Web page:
n February, one of the nation's most elite units breached a heavily fortified bunker using specially designed explosives, disoriented the adversary with "flashbang" stun grenades, and then, in the face of hostile fire, killed him with surgical precision. The lightning raid resulted in the successful rescue of a hostage.
Two months later, the same unit was tasked with another harrowing assignment. This time it captured one of the world's most wanted terrorists following a sprawling and fast-moving manhunt.
Then, just a few weeks ago, the unit came up big in another successful hostage rescue operation, when, after being ferried into a treacherous, mountainous region by Blackhawk helicopter, these men traveled for miles on foot across challenging terrain to track down a hostage taker and his victim. After being shot at, they returned fire with deadly accuracy, freeing the hostage unharmed.
These are not a list of classified operations conducted by SEAL Team Six in Afghanistan. They are, respectively, the rescue of 5-year-old Ethan in the Alabama school bus kidnapping, the arrest of Boston bombing suspect Dzhokhar Tsarnaev in Massachusetts, and this month's freeing of Hannah Anderson in Idaho.
And despite being decked out in MultiCam camouflage and armed with HK416 assault rifles, the operators described are not U.S. Navy SEALs. Instead, they are American civilians operating on American soil, squaring off against fellow American civilians while saving innocent American lives.
Meet the FBI Hostage Rescue Team.
The FBI Hostage Rescue Team is effectively the civilian equivalent of the Joint Special Operations Command's famed yet mysterious counterterrorist organizations — the Naval Special Warfare Development Group (more popularly known as "SEAL Team Six") and the Army's 1st Special Forces Operational Detachment-Delta (Delta Force). As such, the FBI Hostage Rescue Team is essentially one of the United States' three national-level "Tier 1" CT assets. These units utilize common techniques, technology, and training methods, and frequently train and operate alongside one another.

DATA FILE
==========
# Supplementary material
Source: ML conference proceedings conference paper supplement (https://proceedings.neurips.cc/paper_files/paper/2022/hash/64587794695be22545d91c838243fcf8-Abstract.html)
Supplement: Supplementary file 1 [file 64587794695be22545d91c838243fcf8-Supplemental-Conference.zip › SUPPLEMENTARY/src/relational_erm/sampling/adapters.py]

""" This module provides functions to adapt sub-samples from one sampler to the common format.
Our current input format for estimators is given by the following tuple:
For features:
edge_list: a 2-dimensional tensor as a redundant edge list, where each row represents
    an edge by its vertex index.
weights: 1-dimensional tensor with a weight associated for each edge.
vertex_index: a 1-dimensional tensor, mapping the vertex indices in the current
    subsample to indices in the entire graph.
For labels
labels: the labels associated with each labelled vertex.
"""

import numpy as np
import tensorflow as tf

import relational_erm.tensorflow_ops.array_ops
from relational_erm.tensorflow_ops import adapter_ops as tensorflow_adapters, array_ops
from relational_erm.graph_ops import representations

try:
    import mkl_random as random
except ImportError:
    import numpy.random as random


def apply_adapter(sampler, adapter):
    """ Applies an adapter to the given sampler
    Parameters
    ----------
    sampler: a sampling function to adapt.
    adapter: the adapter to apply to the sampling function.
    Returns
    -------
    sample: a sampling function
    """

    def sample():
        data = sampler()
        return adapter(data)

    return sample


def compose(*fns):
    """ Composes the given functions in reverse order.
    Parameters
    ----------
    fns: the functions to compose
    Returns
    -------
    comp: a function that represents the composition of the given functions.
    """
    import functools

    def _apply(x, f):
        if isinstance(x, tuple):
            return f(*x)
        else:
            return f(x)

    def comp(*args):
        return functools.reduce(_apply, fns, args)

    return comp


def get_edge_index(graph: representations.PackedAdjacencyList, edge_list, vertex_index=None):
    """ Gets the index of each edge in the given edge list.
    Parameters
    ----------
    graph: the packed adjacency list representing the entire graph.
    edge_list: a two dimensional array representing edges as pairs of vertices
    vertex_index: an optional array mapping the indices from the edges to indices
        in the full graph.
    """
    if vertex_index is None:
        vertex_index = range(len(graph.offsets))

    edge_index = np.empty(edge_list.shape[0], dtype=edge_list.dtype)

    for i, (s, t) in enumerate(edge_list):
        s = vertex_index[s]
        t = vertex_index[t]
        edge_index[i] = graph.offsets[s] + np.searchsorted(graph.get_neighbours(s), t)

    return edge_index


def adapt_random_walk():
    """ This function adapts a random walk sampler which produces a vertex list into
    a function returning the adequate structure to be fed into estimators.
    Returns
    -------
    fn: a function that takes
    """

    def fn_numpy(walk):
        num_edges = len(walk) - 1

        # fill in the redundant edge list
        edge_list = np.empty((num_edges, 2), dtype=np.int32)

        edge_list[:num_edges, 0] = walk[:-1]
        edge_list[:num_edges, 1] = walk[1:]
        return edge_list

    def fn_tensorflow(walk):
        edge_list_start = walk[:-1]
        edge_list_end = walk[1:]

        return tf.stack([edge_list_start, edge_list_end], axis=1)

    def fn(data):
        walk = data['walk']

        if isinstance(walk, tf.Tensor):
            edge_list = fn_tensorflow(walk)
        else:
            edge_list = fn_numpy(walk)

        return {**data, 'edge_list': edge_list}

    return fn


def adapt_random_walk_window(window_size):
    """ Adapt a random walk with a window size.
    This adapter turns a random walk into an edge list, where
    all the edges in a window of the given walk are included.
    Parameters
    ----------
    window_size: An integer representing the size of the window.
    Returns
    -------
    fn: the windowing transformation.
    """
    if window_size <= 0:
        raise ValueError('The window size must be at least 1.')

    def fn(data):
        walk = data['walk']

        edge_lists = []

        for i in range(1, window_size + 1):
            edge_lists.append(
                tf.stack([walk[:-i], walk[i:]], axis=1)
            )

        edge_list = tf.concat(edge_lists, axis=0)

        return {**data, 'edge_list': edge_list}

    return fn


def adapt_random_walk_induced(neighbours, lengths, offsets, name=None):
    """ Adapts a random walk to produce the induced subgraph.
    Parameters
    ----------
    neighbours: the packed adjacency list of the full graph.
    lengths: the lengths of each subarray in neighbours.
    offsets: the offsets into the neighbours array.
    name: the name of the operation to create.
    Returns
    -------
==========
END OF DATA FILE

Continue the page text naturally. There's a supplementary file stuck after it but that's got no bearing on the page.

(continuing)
While Delta Force and SEAL Team Six have been busy chasing terrorists the world over, the FBI Hostage Rescue Team has been quietly active during the "War on Terror" as well, taking part in numerous operations overseas, including frantic gunfights in Iraq as well as the arrest of pirate leader Mohammad Saaili Shibin in Somalia.
However, with a building backlash against the United States government for directing tools supposedly designed to stop terrorist networks overseas on its own citizens — most notably in the developing NSA revelations — the public might be similarly wary of the FBI's high-speed, low-drag outfit. Or at least they might if they were more aware of the existence of a unit with SEAL Team Six-level training that commonly operates domestically.
In fact, such questions were raised two decades ago when the Hostage Rescue Team was widely vilified with accusations of heavy-handed tactics at Ruby Ridge in Idaho and Waco, Texas.
But the unit's recent high-profile successes also illustrate the remarkable effectiveness these capabilities can have at home if wielded carefully and appropriately. It's perhaps notable that the Hostage Rescue Team was cheered in the streets of Watertown after arresting Tsarnaev 20 years to the day after its highly controversial raid of the Branch Davidian compound in Waco.
However, for all their similarities, there are some key differences that distinguish the FBI Hostage Rescue Team from its military counterparts. As Louis J. Freeh, former director of the FBI once stated, "The members of the HRT are not commandos."
While they utilize the same sorts of intense Close Quarters Battle techniques, weaponry, and other tricks of the trade, every member of the Hostage Rescue Team must first serve as an FBI special agent before being allowed to take part in the unit's grueling assessment and selection process. And even after being accepted as a full-fledged assaulter or sniper, they are still considered special agents and subjected to much stricter rules of engagement than those who serve in military counterterrorism units operating overseas. Every round fired by the FBI Hostage Rescue Team must be accounted for and justifiable in a court of law.
The unit's motto is "Servare Vitas" — Latin for "To Save Lives." And recent events seem to present a compelling argument that the types of skills SEAL Team Six and Delta Force rely on to crush terrorist networks are equally useful — at least in the most extreme cases — to save lives at home.
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